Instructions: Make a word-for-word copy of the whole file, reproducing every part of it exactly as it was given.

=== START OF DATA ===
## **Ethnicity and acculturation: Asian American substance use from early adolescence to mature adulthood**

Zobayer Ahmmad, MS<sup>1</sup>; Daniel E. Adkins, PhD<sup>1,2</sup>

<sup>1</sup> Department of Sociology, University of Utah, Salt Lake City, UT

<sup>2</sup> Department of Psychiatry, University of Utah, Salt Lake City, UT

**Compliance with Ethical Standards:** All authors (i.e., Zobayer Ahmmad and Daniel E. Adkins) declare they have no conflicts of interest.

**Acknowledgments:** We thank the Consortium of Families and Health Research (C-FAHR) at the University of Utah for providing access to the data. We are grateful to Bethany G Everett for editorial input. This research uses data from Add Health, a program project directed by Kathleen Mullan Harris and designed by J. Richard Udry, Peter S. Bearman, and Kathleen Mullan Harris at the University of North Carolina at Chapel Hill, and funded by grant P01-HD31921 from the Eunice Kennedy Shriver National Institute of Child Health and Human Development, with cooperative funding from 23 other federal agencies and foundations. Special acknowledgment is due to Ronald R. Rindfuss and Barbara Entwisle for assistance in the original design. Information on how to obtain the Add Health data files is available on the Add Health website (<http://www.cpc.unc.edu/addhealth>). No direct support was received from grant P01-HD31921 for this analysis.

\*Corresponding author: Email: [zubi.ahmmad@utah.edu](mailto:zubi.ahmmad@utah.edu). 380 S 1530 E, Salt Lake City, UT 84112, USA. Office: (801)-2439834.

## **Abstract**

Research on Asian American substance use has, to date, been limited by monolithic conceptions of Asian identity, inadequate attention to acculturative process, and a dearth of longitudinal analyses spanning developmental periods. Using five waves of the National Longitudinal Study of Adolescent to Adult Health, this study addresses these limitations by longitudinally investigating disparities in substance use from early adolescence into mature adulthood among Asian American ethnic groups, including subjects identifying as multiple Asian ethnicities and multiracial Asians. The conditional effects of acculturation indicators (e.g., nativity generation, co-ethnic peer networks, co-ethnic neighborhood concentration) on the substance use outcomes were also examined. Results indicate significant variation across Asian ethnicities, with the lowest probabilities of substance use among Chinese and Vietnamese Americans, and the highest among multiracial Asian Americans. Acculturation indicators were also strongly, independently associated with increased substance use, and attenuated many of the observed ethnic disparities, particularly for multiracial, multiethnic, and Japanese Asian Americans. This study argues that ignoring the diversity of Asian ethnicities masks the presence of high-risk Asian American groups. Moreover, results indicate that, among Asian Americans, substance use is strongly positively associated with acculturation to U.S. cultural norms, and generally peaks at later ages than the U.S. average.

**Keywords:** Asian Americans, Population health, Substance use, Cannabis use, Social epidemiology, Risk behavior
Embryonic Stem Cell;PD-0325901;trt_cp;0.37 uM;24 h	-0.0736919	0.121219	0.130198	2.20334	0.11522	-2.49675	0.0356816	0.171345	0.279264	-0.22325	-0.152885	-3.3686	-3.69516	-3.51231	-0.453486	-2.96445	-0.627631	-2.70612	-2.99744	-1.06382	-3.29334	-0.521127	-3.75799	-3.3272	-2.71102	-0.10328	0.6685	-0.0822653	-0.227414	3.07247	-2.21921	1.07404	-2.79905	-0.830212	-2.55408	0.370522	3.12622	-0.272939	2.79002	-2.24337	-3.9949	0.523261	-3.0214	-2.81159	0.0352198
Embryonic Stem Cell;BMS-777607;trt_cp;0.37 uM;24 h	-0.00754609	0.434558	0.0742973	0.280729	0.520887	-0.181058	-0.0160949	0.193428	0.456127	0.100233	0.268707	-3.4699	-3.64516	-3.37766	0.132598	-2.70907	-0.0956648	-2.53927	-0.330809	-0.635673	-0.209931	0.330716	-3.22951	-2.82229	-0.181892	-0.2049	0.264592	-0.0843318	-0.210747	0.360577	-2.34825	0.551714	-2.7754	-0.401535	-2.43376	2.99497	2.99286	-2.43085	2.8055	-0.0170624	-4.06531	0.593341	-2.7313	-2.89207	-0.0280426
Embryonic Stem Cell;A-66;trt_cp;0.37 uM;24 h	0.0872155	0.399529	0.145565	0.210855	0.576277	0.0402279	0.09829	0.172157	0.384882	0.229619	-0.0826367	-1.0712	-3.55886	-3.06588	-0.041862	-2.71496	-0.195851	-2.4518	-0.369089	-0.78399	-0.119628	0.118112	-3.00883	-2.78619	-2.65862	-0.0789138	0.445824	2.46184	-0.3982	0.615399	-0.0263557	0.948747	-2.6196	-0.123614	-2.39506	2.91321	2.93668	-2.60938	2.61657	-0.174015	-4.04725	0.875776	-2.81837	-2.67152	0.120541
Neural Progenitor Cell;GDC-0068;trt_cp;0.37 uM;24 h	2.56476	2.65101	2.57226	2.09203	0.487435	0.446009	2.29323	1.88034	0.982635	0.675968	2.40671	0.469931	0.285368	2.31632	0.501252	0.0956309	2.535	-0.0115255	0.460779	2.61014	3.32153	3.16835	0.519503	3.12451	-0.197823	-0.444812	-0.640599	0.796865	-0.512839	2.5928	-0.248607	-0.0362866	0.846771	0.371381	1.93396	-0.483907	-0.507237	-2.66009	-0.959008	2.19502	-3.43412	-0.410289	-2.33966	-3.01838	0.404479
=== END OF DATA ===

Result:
## **Ethnicity and acculturation: Asian American substance use from early adolescence to mature adulthood**

Zobayer Ahmmad, MS<sup>1</sup>; Daniel E. Adkins, PhD<sup>1,2</sup>

<sup>1</sup> Department of Sociology, University of Utah, Salt Lake City, UT

<sup>2</sup> Department of Psychiatry, University of Utah, Salt Lake City, UT

**Compliance with Ethical Standards:** All authors (i.e., Zobayer Ahmmad and Daniel E. Adkins) declare they have no conflicts of interest.

**Acknowledgments:** We thank the Consortium of Families and Health Research (C-FAHR) at the University of Utah for providing access to the data. We are grateful to Bethany G Everett for editorial input. This research uses data from Add Health, a program project directed by Kathleen Mullan Harris and designed by J. Richard Udry, Peter S. Bearman, and Kathleen Mullan Harris at the University of North Carolina at Chapel Hill, and funded by grant P01-HD31921 from the Eunice Kennedy Shriver National Institute of Child Health and Human Development, with cooperative funding from 23 other federal agencies and foundations. Special acknowledgment is due to Ronald R. Rindfuss and Barbara Entwisle for assistance in the original design. Information on how to obtain the Add Health data files is available on the Add Health website (<http://www.cpc.unc.edu/addhealth>). No direct support was received from grant P01-HD31921 for this analysis.

\*Corresponding author: Email: [zubi.ahmmad@utah.edu](mailto:zubi.ahmmad@utah.edu). 380 S 1530 E, Salt Lake City, UT 84112, USA. Office: (801)-2439834.

## **Abstract**

Research on Asian American substance use has, to date, been limited by monolithic conceptions of Asian identity, inadequate attention to acculturative process, and a dearth of longitudinal analyses spanning developmental periods. Using five waves of the National Longitudinal Study of Adolescent to Adult Health, this study addresses these limitations by longitudinally investigating disparities in substance use from early adolescence into mature adulthood among Asian American ethnic groups, including subjects identifying as multiple Asian ethnicities and multiracial Asians. The conditional effects of acculturation indicators (e.g., nativity generation, co-ethnic peer networks, co-ethnic neighborhood concentration) on the substance use outcomes were also examined. Results indicate significant variation across Asian ethnicities, with the lowest probabilities of substance use among Chinese and Vietnamese Americans, and the highest among multiracial Asian Americans. Acculturation indicators were also strongly, independently associated with increased substance use, and attenuated many of the observed ethnic disparities, particularly for multiracial, multiethnic, and Japanese Asian Americans. This study argues that ignoring the diversity of Asian ethnicities masks the presence of high-risk Asian American groups. Moreover, results indicate that, among Asian Americans, substance use is strongly positively associated with acculturation to U.S. cultural norms, and generally peaks at later ages than the U.S. average.

**Keywords:** Asian Americans, Population health, Substance use, Cannabis use, Social epidemiology, Risk behavior
Embryonic Stem Cell;PD-0325901;trt_cp;0.37 uM;24 h	-0.0736919	0.121219	0.130198	2.20334	0.11522	-2.49675	0.0356816	0.171345	0.279264	-0.22325	-0.152885	-3.3686	-3.69516	-3.51231	-0.453486	-2.96445	-0.627631	-2.70612	-2.99744	-1.06382	-3.29334	-0.521127	-3.75799	-3.3272	-2.71102	-0.10328	0.6685	-0.0822653	-0.227414	3.07247	-2.21921	1.07404	-2.79905	-0.830212	-2.55408	0.370522	3.12622	-0.272939	2.79002	-2.24337	-3.9949	0.523261	-3.0214	-2.81159	0.0352198
Embryonic Stem Cell;BMS-777607;trt_cp;0.37 uM;24 h	-0.00754609	0.434558	0.0742973	0.280729	0.520887	-0.181058	-0.0160949	0.193428	0.456127	0.100233	0.268707	-3.4699	-3.64516	-3.37766	0.132598	-2.70907	-0.0956648	-2.53927	-0.330809	-0.635673	-0.209931	0.330716	-3.22951	-2.82229	-0.181892	-0.2049	0.264592	-0.0843318	-0.210747	0.360577	-2.34825	0.551714	-2.7754	-0.401535	-2.43376	2.99497	2.99286	-2.43085	2.8055	-0.0170624	-4.06531	0.593341	-2.7313	-2.89207	-0.0280426
Embryonic Stem Cell;A-66;trt_cp;0.37 uM;24 h	0.0872155	0.399529	0.145565	0.210855	0.576277	0.0402279	0.09829	0.172157	0.384882	0.229619	-0.0826367	-1.0712	-3.55886	-3.06588	-0.041862	-2.71496	-0.195851	-2.4518	-0.369089	-0.78399	-0.119628	0.118112	-3.00883	-2.78619	-2.65862	-0.0789138	0.445824	2.46184	-0.3982	0.615399	-0.0263557	0.948747	-2.6196	-0.123614	-2.39506	2.91321	2.93668	-2.60938	2.61657	-0.174015	-4.04725	0.875776	-2.81837	-2.67152	0.120541
Neural Progenitor Cell;GDC-0068;trt_cp;0.37 uM;24 h	2.56476	2.65101	2.57226	2.09203	0.487435	0.446009	2.29323	1.88034	0.982635	0.675968	2.40671	0.469931	0.285368	2.31632	0.501252	0.0956309	2.535	-0.0115255	0.460779	2.61014	3.32153	3.16835	0.519503	3.12451	-0.197823	-0.444812	-0.640599	0.796865	-0.512839	2.5928	-0.248607	-0.0362866	0.846771	0.371381	1.93396	-0.483907	-0.507237	-2.66009	-0.959008	2.19502	-3.43412	-0.410289	-2.33966	-3.01838	0.404479